Forty South Tasmania
My articles on environment and history appear regularly in Forty South Tasmania quarterly print magazine “for people who live in Tasmania, those who wish they lived here and those who wish they’d never left”. Buy magazine issues here
To read those that appear in Forty South online magazine, look under Environment and History here
“The Who’s Who of Trees” no 106
“What makes a tree significant? Plenty of things, according to Hobart City Council’s selection criteria” They may be beautiful, historic, very old or rare. Read about 10 very different trees that are listed on the Council’s Significant Tree Register and see photos of them.
“The Ragged School” no 102
From the editor’s desk: “Carol Freeman’s evocative telling of the story of the Ragged School, which was part institution and part sanctuary for the poor children of early Hobart Town, is both eye-opening and heart-warming”
“The Suspension of Ordinary” no 89
“Imagine a workplace where egos are left at the door, where everyone works together and is constantly excited by their assignments, where projects are so varied and challenging that those who contribute to them are never bored, or overwhelmed” . . . . this is Liminal Design Studio, Hobart.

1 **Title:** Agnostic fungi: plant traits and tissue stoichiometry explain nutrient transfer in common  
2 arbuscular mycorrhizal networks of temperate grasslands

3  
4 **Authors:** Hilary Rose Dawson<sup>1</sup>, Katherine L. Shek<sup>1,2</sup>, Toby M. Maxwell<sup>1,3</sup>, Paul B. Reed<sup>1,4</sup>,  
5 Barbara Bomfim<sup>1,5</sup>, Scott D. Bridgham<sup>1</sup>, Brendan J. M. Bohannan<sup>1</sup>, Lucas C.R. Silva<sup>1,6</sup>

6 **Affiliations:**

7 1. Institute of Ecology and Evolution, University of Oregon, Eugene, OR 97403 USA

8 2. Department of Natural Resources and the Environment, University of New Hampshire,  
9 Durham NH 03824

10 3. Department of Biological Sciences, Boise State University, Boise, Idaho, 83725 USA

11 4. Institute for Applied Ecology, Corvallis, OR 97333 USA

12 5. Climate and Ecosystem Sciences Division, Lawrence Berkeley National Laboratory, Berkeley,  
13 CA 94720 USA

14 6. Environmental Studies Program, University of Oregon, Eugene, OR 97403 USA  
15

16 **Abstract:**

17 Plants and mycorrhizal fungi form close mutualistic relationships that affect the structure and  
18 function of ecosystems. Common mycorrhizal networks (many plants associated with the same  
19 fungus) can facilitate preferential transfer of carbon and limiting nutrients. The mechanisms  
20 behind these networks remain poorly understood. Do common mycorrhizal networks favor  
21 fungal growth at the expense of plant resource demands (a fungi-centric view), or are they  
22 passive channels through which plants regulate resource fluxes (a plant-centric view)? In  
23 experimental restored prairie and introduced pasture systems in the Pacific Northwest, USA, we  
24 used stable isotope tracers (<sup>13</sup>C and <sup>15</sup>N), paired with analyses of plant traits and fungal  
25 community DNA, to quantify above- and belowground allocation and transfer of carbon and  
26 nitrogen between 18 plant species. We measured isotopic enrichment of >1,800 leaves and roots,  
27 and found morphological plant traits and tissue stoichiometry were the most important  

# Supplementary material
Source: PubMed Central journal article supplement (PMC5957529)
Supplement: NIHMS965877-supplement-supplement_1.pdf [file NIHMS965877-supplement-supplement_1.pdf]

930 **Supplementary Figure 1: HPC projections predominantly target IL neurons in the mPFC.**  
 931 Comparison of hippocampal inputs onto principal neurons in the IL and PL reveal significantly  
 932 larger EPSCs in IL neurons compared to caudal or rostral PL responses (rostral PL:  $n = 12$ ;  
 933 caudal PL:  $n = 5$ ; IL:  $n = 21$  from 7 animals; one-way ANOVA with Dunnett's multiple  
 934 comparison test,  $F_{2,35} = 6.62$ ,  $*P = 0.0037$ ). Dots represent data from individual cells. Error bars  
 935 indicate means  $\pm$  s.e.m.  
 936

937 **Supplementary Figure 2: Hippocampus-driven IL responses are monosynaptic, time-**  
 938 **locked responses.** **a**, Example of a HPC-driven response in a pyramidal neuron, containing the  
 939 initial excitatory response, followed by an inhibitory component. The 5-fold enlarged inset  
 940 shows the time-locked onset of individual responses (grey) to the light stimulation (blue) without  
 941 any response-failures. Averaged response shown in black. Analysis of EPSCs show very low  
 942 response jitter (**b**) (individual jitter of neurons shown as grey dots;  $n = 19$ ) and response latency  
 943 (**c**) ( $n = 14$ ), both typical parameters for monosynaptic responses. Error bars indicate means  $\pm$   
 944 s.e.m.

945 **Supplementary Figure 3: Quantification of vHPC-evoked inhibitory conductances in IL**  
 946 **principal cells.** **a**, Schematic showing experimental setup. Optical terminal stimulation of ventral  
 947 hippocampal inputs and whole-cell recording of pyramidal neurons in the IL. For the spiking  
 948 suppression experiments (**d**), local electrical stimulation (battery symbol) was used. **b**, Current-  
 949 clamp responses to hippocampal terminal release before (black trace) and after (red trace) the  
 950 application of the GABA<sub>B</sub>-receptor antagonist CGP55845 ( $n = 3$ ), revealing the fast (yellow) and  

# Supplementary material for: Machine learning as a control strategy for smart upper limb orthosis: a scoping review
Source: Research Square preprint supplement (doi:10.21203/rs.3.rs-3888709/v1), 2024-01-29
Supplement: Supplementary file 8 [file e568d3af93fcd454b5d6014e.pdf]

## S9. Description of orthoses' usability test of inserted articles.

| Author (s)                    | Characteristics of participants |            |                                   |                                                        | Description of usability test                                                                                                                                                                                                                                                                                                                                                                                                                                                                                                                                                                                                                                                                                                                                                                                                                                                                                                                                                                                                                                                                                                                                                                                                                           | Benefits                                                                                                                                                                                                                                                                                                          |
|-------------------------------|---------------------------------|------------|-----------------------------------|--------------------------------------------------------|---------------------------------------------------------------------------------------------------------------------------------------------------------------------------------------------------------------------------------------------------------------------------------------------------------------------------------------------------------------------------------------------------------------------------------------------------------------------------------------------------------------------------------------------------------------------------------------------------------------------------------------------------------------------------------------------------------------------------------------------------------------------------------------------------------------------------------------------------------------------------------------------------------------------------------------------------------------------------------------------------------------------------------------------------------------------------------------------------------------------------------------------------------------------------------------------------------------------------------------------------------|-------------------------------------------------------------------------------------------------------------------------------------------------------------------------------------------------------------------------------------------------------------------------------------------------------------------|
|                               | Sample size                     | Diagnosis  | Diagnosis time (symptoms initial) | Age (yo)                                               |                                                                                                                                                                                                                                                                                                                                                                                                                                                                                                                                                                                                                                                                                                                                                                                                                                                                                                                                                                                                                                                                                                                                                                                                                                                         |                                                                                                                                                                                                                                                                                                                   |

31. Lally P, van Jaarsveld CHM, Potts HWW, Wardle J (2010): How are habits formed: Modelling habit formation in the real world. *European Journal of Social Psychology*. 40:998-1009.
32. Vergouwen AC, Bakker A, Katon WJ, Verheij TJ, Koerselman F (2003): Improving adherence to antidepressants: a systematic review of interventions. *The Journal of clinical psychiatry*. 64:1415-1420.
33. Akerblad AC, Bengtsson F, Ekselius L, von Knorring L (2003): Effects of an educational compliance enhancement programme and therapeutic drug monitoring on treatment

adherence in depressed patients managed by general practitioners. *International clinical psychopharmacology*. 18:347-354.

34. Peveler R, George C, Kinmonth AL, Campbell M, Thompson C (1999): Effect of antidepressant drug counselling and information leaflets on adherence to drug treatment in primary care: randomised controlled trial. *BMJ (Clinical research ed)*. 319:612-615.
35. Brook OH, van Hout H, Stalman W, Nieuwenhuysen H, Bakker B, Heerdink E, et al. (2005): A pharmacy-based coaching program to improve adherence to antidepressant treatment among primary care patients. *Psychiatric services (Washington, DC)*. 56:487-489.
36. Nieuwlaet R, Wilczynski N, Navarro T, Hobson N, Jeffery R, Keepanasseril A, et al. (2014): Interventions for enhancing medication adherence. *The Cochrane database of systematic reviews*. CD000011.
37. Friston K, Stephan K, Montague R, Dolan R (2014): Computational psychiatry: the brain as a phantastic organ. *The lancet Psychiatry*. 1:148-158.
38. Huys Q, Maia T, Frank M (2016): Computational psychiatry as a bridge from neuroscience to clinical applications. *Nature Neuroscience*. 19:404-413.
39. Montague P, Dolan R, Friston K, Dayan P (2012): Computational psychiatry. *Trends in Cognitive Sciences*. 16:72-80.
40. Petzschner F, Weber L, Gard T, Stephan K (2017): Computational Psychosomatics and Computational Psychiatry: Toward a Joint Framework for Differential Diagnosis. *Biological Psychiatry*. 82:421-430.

“Reframing History” no 91
“I’m sitting on a bench in a large room with deep blue walls. The colour reminds me of a Tasmanian sky at dusk, a sky that would have been noticed by countless Aboriginal people over thousands of years, perhaps when they gathered to eat what is now considered gourmet food ─ oysters and abalone fresh from the sea, wild cherries, or char-grilled wallaby”
“The Hedberg” no 87
“Hobart is abuzz with activity. At the corner of Campbell and Collins Streets, on the fringe of the CBD, a site in the old Wapping district is being excavated. An archaeologist chips away at brick footings and crumbling soil on the long-vacant block that is soon to be the University of Tasmanian’s Academy of Creative Industries and Performing Arts”
“Once Upon a Blue Gum” no 85
From the editor’s desk: “Carol Freeman knows a great deal about Tasmanian nature and has written compellingly about it in Tasmania 40° South issues past. Dr Jules Freeman, Carol Freeman’s son, is a molecular geneticist who studies blue gums (Eucalyptus globulus). When they get together to prepare a feature story on this most Tasmanian of trees, one doesn’t hesitate to publish it”
“The Thylacine: Gone is Gone” no 83
From the editor’s desk: “I am delighted to publish [a refutation of our feature article in issue 82] as our lead feature in this issue. It is not the romantic version of the thylacine story that some of us want to believe. It is, I say with icy certainty, the real one”
“Voices from the Theatre” no 80
“Sound is cardinal in theatre. Whether it’s a speech, music or dance, the murmuring of an audience or the enthusiasm of its clapping, or the thunder of complete silence, sound is an essential part of a performance experience “
“On the Collector’s Shore” no 77
“Searching for objects is about curiosity, seeking, finding and conserving things for the future. ‘Collecting is rescuing something,’ says Peter Clayfield” about his collection of Thylacine (Tasmanian ‘tiger’) memorabilia.